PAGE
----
I didn’t cook with garlic until I was about 10 years old. My mother, you see, didn’t like it. I know, right? An Italian cook who didn’t like garlic! Since she did all the cooking for our immediate and extended family, we didn’t eat garlic. I didn’t know garlic.
Then she went to work full-time and my Nonna took over some of the cooking and I couldn’t figure out what made her food – different. Her gravy seemed richer; her sautéed greens and beans more delicious. Cooking with her one day after school, I saw the garlic. Stunned, knowing my mother’s taste, I asked about it.
“I’m cooking now,” she said. “Now you’ll taste why Italian food is the best in the world.” My Nonna was nothing if not proud to be Italian!
And so I fell in love with this aromatic herb we know as garlic.
Affectionately known as the “stinking rose,” garlic is a member of the allium or lily family and has been revered for thousands of years for its therapeutic effects on human health and wellbeing. All allium members are rich in sulfur-containing compounds that have a certain – perfume about them. Garlic is particularly rich in these compounds which give it the health-promoting effects we love… even with the breath we hate.
Used as food and medicine for thousands of years, Hippocrates prescribed garlic for a variety of conditions from fatigue to respiratory issues to parasites and poor digestion. The original Greek Olympic athletes were fed garlic, making it possibly the first performance-enhancing substance!
According to the NIH (National Institutes of Health), garlic can be used for several conditions linked to the blood system and heart, including atherosclerosis (hardening of the arteries), high cholesterol, heart attack, coronary heart disease and hypertension.
Garlic is also used today by some people for the prevention of lung cancer, prostate cancer, breast cancer, stomach cancer, rectal cancer and colon cancer. Diallyl sulfide, a compound in garlic, was shown to be substantially more effective than two popular antibiotics in intestinal infections.
The NIH adds "Some of these uses are supported by science."
I love when folk medicine and science collide producing the proof modern people love – and need – to validate ancient wisdom.
While some people can’t enjoy garlic for health reasons – or like my mother, simply don’t like it, most of us adore the pungent flavor it brings to our cooking. With a cold winter coming, it’s time to start loading up on hearty, nutrient-dense foods. Garlic is a true superstar that packs a nutritional punch as well as making any dish just a little yummier.
Did I mention that it’s a good combatant of colds and the flu?
Picking a lovely garlic is easy. Since it’s available year round, there isn’t a distinct season when it’s at its best. Simply choose plump, firm bulbs with tight cloves. Bulbs that appear drier, where the skin easily falls off, are not so fresh. If you slice open your garlic clove and notice that there is a green stem inside, this indicates that your garlic is sprouting and past its prime. It is still okay to use it, but you’ll want to remove the green sprout prior to cooking, as it can be bitter and promotes “garlic breath.” In the spring and summer months, you can look for locally grown garlic at your farmers’ market. This variety is usually much firmer, with a mild flavor and a light pinkish-purple color.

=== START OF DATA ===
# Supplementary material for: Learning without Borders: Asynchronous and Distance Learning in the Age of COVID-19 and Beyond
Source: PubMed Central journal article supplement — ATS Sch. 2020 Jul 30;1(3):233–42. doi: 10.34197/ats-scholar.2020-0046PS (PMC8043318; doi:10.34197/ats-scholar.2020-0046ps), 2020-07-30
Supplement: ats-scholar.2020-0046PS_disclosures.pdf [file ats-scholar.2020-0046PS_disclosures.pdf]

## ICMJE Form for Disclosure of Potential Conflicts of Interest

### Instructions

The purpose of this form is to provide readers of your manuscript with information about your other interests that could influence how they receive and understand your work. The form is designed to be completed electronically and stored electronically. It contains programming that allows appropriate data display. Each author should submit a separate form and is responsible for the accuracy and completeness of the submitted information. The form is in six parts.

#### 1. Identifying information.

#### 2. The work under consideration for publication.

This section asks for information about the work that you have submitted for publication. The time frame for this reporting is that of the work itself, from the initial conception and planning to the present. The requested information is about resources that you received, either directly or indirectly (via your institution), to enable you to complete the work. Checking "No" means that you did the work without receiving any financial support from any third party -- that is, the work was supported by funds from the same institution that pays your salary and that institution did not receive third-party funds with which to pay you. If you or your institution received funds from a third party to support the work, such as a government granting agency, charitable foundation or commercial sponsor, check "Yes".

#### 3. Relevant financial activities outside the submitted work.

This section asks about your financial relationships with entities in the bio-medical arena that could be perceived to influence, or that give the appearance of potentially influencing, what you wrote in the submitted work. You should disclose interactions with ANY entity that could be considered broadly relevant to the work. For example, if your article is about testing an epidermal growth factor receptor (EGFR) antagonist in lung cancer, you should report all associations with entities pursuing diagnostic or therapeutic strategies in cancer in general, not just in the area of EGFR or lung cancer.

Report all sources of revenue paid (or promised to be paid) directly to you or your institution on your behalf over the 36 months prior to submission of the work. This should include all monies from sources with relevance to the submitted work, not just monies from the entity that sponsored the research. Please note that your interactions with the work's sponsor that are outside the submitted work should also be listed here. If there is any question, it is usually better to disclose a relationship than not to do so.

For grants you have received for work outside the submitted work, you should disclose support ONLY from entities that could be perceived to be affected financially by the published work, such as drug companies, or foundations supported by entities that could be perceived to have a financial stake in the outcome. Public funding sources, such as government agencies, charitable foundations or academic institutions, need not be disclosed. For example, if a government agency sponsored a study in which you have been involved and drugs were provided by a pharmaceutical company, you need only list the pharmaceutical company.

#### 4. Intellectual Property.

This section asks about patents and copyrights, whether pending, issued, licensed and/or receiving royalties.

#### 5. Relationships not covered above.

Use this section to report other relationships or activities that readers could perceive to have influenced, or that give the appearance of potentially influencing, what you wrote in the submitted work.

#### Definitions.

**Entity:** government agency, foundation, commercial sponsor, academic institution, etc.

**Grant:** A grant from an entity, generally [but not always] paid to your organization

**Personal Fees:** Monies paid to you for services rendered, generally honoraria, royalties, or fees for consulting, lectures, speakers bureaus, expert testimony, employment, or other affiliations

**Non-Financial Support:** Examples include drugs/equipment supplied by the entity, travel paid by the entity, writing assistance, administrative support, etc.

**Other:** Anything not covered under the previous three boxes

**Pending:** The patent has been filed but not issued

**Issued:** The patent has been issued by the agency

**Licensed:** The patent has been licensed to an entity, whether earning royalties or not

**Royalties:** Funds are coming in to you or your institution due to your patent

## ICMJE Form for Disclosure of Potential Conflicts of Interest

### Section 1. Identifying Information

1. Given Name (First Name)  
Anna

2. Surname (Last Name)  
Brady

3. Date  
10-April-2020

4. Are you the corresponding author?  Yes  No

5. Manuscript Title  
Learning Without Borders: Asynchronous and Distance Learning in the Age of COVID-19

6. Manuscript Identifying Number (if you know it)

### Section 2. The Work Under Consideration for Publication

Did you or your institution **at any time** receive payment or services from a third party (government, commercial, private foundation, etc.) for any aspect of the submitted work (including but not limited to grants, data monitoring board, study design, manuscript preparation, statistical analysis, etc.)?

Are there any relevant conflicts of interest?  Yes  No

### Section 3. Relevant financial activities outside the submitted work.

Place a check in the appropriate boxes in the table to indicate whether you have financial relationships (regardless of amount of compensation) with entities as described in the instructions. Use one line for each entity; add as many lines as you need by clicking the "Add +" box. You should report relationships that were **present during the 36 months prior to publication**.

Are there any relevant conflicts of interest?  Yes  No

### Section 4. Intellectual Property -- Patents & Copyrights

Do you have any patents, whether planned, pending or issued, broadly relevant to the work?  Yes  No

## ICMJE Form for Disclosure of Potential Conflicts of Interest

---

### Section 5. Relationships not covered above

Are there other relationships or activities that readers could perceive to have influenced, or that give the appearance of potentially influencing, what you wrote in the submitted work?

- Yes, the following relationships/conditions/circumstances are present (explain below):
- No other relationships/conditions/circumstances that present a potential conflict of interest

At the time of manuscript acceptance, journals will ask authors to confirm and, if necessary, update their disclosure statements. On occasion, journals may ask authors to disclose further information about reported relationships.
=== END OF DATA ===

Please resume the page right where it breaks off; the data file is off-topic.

When chopping garlic, the release of sugars and oils can make for a sticky texture, but that’s where a garlic press can be an excellent tool.
Roasting garlic is one of the most delicious ways to prepare it, as the pungent flavor is mellowed, even sweetened, because the roasting process releases sugars with an almost caramel-like flavor. I like to roast the whole head. Simply slice off the top third of the head of garlic and drizzle it with olive oil. Season with salt and pepper and wrap with foil. Bake at 350F for approximately 40 minutes. Once the roasted garlic has cooled, simply squeeze the bottom of the head and the roasted cloves will squeeze out in a creamy paste. We love to spread it on fresh-baked bread for a real treat!
You can use garlic raw in salsa recipes or salad dressings where there is an “acid” like vinegar or lemon or lime juice. If you like it raw in other recipes, have at it. For me, it’s too strong unless I balance it with acidity and seasonings to “gentle” the strong flavor.
Do…not…burn…your…garlic. Such drama, right? I can’t imagine a less delicious flavor than the bitterness of burnt garlic. It can ruin a dish. So use medium heat when cooking it and pay attention as it sizzles.
Watch your volume. Lots of us love garlic, but there’s a limit. My rule of thumb is that if you can taste the garlic distinctly, there’s too much in the dish. In my perfect world, garlic is an underlying flavor that is detectable but that doesn’t mask or overwhelm the other flavors in the dish. However, to each their own on this one.
Finally, have fun with this powerful food. It’s delicious, promotes wellness and vitality, is easy to work with – is said to be an aphrodisiac – and gives even the simplest of recipes a bit of operatic drama.
We can all use a bit more of that in life.
Garlic really shines in this rich, special-occasion dish!
Deep Fried Cauiliflower with Garlic Oil